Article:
Thursday, January 23, 2014

Perfect Fresh Hummus Recipe

This is my sister's perfect fresh hummus recipe. "The secret to great hummus for kids is to leave out the tahini!" she told me when she shared this recipe with me. Without the tahihi, hummus is mild and more appealing to kids. I prefer to soak dried chickpeas overnight and then boil them in water until they are soft. If you are in a rush and using canned chickpeas I would suggest Eden organic chickpeas, which are in BPA free cans.

  • 2 cans Eden organic chickpeas or  3 cups soaked/boiled chickpeas
  • 1 medium clove garlic
  • 1/2 teaspoon of crushed red pepper
  • juice of one whole lemon
  • 1/3 cup of olive oil
  • hot paprika or turmeric for garnish
  • 1 teaspoon salt
  • 1/4 teaspooon black pepper or 15 turns of the pepper mill
  • In a large food processor, process garlic clove until finely minced.
  • Add red pepper flakes and chickpeas and blend until chickpeas are ground up, they should look like meal.
  • Add lemon juice blend a few seconds
  • Stream olive oil with processor on until puree is smooth and fluffy
  • Add salt pepper and process a few seconds
  • Sprinkle paprika over top and garnish with some more olive oil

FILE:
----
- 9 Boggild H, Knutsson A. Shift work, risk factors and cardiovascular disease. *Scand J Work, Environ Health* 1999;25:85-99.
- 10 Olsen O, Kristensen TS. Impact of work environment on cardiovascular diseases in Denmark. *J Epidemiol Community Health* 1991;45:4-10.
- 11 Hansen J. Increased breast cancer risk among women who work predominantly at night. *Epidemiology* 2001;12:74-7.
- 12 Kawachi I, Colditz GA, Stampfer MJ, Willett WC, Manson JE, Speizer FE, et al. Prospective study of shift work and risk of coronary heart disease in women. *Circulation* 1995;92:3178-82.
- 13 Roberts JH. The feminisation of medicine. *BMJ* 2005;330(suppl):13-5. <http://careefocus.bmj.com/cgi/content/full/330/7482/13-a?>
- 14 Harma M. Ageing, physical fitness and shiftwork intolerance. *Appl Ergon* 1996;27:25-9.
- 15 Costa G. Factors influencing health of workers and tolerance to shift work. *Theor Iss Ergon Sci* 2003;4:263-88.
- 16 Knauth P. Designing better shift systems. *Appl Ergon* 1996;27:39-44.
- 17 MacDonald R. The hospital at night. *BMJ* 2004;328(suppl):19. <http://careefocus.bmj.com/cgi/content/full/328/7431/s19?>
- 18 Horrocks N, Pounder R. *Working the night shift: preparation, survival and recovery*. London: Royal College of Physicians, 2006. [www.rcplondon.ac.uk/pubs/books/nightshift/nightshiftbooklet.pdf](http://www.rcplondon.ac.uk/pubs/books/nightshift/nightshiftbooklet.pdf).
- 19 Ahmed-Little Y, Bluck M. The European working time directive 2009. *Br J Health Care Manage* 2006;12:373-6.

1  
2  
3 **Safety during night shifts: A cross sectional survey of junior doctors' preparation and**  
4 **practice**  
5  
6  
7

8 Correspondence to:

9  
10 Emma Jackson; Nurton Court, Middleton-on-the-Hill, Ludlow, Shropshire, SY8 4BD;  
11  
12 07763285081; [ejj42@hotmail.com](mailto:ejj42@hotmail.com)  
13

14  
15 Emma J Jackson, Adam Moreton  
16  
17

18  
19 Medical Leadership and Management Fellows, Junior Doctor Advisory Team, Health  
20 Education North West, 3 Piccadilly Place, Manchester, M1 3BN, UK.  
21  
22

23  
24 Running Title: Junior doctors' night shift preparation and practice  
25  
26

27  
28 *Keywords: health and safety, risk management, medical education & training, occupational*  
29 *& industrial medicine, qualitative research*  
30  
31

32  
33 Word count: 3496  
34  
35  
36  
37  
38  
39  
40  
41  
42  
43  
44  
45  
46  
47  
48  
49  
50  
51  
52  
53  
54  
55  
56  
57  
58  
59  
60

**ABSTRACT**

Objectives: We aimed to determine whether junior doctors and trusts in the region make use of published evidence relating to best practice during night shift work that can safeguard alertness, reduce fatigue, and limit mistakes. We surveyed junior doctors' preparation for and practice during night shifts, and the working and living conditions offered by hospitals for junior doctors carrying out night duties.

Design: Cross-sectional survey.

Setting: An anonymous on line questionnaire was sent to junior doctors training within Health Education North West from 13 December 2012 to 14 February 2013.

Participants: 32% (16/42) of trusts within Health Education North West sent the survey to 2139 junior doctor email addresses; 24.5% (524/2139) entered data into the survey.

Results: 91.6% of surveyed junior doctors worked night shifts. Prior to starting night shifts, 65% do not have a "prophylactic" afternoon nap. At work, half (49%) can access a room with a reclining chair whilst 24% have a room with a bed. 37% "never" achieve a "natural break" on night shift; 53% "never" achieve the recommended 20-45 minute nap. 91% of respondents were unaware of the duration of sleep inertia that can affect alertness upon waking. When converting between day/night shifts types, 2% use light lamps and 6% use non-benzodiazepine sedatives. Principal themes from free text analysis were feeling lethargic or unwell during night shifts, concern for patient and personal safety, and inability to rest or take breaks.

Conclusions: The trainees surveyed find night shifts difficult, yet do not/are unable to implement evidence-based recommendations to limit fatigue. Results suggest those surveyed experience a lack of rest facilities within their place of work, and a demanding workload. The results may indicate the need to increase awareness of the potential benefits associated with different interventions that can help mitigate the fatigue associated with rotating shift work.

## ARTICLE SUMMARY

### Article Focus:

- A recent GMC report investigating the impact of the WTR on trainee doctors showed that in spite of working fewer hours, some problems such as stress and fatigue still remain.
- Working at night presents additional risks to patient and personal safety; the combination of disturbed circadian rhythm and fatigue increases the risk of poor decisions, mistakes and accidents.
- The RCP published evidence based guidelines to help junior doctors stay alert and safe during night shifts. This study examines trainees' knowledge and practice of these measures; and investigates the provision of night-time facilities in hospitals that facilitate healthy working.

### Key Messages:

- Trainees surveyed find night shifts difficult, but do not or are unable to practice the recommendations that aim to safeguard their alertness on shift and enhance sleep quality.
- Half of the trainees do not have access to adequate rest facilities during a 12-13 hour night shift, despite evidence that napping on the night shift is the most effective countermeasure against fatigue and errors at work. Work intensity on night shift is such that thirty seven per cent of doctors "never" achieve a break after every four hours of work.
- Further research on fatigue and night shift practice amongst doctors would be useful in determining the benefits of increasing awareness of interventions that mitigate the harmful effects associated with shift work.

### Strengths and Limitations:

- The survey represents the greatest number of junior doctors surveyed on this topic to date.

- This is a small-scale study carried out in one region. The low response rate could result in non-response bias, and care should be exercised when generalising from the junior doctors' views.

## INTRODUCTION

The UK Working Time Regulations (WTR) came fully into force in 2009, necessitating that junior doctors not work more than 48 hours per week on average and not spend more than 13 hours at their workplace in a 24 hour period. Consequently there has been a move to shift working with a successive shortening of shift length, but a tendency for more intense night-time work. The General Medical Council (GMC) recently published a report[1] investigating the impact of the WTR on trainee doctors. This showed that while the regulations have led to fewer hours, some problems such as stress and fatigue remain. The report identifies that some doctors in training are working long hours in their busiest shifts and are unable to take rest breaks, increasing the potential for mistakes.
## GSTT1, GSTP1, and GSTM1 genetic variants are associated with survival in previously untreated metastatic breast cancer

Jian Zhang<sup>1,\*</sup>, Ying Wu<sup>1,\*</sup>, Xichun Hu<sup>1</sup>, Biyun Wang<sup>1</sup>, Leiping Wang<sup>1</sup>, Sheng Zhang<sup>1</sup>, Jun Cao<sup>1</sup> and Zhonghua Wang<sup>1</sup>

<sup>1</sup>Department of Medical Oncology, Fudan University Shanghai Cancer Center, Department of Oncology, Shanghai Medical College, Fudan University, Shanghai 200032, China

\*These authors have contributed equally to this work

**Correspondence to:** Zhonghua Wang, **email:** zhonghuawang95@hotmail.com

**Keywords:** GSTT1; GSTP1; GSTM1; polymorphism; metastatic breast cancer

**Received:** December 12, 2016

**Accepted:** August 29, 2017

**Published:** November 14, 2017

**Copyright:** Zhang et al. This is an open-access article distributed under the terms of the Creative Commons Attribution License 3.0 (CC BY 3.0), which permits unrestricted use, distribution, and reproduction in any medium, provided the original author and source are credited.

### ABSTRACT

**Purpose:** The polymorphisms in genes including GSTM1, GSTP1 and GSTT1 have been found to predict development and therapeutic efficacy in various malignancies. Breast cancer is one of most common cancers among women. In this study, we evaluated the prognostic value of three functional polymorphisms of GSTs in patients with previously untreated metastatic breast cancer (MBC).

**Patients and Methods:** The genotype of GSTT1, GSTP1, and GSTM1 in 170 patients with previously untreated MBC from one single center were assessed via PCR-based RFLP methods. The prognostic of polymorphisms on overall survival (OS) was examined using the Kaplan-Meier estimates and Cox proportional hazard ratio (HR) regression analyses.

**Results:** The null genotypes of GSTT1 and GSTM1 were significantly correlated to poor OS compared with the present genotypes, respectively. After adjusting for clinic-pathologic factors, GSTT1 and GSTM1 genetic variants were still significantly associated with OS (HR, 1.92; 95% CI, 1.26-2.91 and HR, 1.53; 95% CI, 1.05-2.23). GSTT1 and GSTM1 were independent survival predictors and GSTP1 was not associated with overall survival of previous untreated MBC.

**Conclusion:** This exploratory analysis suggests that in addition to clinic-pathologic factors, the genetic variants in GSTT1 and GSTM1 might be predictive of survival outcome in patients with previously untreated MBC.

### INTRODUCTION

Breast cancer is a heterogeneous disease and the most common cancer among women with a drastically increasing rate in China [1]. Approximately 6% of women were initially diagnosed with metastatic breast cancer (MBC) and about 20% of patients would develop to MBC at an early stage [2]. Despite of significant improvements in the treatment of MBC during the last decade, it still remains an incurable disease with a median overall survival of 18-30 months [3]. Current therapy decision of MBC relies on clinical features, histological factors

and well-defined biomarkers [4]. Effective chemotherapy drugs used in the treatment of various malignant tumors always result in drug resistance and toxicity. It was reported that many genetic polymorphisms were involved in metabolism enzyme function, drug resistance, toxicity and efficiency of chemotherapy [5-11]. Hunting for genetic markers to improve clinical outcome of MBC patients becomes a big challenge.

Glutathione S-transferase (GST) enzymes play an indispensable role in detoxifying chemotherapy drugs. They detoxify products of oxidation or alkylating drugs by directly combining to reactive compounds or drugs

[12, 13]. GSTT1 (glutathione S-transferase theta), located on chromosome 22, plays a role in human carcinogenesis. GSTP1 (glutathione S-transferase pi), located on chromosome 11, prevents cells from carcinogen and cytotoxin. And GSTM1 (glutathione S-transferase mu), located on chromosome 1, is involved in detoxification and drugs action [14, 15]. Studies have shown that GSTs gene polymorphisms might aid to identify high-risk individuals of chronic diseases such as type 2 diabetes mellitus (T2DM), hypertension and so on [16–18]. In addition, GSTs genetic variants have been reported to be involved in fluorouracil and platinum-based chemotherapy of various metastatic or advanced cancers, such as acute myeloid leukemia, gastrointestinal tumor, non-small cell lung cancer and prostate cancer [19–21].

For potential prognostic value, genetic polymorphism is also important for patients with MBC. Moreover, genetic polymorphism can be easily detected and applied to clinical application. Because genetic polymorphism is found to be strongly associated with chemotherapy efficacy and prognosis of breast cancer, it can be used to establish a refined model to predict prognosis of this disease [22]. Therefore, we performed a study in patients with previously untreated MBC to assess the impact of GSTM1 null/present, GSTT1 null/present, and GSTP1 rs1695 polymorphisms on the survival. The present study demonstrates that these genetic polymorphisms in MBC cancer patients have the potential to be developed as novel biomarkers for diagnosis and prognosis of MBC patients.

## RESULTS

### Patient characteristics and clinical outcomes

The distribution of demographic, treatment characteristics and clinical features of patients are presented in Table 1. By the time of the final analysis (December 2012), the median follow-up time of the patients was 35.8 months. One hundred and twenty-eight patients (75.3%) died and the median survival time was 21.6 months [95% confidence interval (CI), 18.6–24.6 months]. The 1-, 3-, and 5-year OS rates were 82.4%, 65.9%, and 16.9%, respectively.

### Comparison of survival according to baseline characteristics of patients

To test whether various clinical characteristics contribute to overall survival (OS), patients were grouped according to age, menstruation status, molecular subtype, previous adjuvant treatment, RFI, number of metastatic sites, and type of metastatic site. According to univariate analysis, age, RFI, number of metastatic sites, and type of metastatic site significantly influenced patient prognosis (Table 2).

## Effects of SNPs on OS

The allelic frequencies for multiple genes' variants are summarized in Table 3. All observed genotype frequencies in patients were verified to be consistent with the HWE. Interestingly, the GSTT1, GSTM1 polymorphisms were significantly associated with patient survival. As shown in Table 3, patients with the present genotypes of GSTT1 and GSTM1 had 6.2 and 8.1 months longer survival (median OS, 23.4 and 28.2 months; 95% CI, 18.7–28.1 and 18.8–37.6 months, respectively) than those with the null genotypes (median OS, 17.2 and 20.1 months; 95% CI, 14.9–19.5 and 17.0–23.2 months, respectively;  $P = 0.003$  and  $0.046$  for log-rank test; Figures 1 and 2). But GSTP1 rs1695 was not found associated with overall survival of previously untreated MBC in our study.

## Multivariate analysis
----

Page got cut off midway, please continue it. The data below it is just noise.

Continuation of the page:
Serve immediately or cover in glass bowl in fridge. Hummus keeps for a week or so in the fridge

Saturday, January 18, 2014

Gluten Free Pizza Dough Recipe

Gluten Free Pizza Dough Recipe

We are going to a pizza party a plane ride away in Burlington, Vermont, so I am packing up premade pizza "dough" mixes to take with me so we can enjoy gluten free pizza at the party after skiing! The first  photo above is of the "pizza dough mixes" I am taking. Although you can buy Udi's pizza dough--and it is pretty tasty once you put toppings on it--I prefer this chewy, flavorful homemade crust.

Whisk together the following dry ingredients in a plastic bag or glass container
  • 1 1/3  cup Authentic Foods brown rice flour
  • 1/3  cup tapioca flour
  • 1/3 cup potato starch flour
  • 1 3/4 teaspoons salt